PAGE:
Tuffy's travels go far beyond France, though: he has fans in Italy, Germany, Spain, Iceland, China and more... (The cover on the left is the Russian omnibus edition!). Not forgetting the English language editions! Learn more about Tuffy here.
Celebrating 80 Years of the Best Books
Last year, the Carnegie Medal celebrated its eightieth birthday - that's a whole lifetime of rewarding the best children's books!
Anne explains "The Carnegie Medal honours the Scottish born philanthropist, Andrew Carnegie. He's the great man who endowed so many of our public libraries, and rather wonderfully said, "To die rich is to die disgraced." The prize was established in 1935 by the Library Association, and is still considered the most prestigious award an author for children or young adults can win. (I can't describe to you how proud I am to have won it twice.)"
You can still join the party at the My Home Library website, which Anne Fine set up when she became Children's Laureate, to make it easier for everyone to have their own Home Library. She decided to focus on the winning books over the last 80 years: she says "you might spot them in libraries and bookshops, maybe? take a peep? After all, each was considered the very best book of its year."
Have a look, for suggestions about books to look out for, and maybe add to your own Home Library.
And speaking of awards, if you've ever looked at Anne's Awards and Honours page, you'll know that as well as those two Carnegie medals, and lots of other prizes for one book or another in particular, she has been awarded several honorary degrees. In fact, she started 2017 with a degree ceremony at the University of Leicester, where she was presented with a fourth Honorary Doctorate. What's it all about? Anne explains:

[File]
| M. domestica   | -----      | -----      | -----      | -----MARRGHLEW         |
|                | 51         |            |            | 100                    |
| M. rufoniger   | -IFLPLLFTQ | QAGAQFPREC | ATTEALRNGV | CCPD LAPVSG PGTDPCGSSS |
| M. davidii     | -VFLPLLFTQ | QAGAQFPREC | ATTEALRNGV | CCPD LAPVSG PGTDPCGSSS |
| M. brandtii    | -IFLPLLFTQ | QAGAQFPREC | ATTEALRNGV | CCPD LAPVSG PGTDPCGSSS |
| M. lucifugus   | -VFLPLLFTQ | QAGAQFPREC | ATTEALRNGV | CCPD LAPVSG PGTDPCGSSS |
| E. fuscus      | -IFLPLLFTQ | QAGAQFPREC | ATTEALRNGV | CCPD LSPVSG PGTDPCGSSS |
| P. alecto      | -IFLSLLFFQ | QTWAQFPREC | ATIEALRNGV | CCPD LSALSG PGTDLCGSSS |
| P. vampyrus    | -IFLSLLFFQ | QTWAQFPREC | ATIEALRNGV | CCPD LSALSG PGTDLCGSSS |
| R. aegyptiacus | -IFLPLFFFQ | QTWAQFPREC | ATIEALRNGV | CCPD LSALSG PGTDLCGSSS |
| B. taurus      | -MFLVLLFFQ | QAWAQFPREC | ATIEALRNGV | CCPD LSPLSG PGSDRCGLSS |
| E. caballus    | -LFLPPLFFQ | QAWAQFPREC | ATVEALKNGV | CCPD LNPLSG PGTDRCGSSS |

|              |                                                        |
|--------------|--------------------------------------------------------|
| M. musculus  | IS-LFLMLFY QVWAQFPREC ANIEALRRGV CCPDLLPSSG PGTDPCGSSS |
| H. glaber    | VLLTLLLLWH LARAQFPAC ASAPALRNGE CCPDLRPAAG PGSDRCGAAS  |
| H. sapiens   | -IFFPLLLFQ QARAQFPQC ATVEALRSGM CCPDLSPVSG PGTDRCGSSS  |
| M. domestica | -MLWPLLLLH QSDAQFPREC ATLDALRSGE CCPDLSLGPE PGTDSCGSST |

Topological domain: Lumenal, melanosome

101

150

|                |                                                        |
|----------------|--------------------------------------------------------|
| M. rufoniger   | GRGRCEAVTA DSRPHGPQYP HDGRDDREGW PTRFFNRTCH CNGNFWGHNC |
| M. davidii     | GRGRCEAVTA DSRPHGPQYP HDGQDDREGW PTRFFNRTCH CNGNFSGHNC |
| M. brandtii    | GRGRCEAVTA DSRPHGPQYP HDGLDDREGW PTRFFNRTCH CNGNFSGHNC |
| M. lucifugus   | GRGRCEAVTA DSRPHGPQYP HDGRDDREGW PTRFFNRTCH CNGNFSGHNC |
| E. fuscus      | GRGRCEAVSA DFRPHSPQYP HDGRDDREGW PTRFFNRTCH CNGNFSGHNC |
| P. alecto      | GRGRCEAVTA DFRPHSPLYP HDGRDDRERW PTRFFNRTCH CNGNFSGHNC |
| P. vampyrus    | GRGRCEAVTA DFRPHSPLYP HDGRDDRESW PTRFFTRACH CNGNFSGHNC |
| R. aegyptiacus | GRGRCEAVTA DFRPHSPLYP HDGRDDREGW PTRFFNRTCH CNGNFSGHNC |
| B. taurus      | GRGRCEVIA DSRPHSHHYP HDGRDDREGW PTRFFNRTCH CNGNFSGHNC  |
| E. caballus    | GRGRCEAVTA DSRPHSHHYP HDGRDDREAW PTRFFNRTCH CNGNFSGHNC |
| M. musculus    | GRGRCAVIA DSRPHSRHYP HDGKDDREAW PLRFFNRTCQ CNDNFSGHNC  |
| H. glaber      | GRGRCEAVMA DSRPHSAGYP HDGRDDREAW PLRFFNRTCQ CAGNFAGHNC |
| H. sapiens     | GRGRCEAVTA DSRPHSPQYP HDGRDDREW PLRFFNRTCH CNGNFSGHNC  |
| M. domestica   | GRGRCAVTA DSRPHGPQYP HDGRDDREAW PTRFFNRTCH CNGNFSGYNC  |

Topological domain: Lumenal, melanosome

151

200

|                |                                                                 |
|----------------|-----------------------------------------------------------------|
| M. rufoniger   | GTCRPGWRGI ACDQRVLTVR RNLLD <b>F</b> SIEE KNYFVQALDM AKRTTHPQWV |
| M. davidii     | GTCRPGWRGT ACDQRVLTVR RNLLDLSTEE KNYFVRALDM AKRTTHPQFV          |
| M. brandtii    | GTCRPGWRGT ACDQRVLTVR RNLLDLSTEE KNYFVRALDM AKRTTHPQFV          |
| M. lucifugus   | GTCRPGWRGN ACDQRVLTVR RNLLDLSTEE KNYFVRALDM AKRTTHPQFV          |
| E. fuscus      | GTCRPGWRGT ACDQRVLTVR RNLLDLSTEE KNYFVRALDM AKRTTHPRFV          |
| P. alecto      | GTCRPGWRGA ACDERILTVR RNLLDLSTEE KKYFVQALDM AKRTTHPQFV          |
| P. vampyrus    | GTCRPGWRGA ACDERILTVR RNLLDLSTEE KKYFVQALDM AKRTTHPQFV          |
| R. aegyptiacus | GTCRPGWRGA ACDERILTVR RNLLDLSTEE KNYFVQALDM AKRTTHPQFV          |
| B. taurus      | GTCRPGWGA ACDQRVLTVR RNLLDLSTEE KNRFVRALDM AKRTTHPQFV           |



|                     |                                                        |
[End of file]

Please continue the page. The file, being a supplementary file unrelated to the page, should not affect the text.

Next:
I never really grasped the point of 'honorary' degrees. After all, either the recipient knew enough to get a 'real' degree, or they didn't. Why offer one to someone who hadn't done the work?
Now I have several, I feel a good deal differently. I've realised that, as almost everyone goes through their professional life, the people around them can't help but form a view of their body of work. And if that's a positive opinion, and a prestigious institution chooses to make it both plain and public, that's inspiriting and encouraging. (After all, everyone who works hard asks themselves from time to time, "Has all this effort been worthwhile?" So it's immensely cheering to be told so openly, "Yes. Yes, it was.")
What pleases me most is that I have links with almost all the places that have honoured me. I was born in Leicester, and last week that city's university awarded me an honorary doctorate. I studied at Warwick, where I was given another some years ago. Ever since I moved to the north east, and found out how much I loved it here, I've spoken up for the area. So it was lovely to be honoured by the University of Teesside. My secondary schooling was all in Northampton, so I am especially proud of my honorary fellowship from that university. And growing up there turns me into a woman from the Midlands, so I'm proud of my doctorate from the University of Central England in Birmingham.
(Just for the record, you're given a beautifully designed degree certificate in a classy holder. And they take photos of you in the fancy official university robes and cap - I'm much less keen on those!)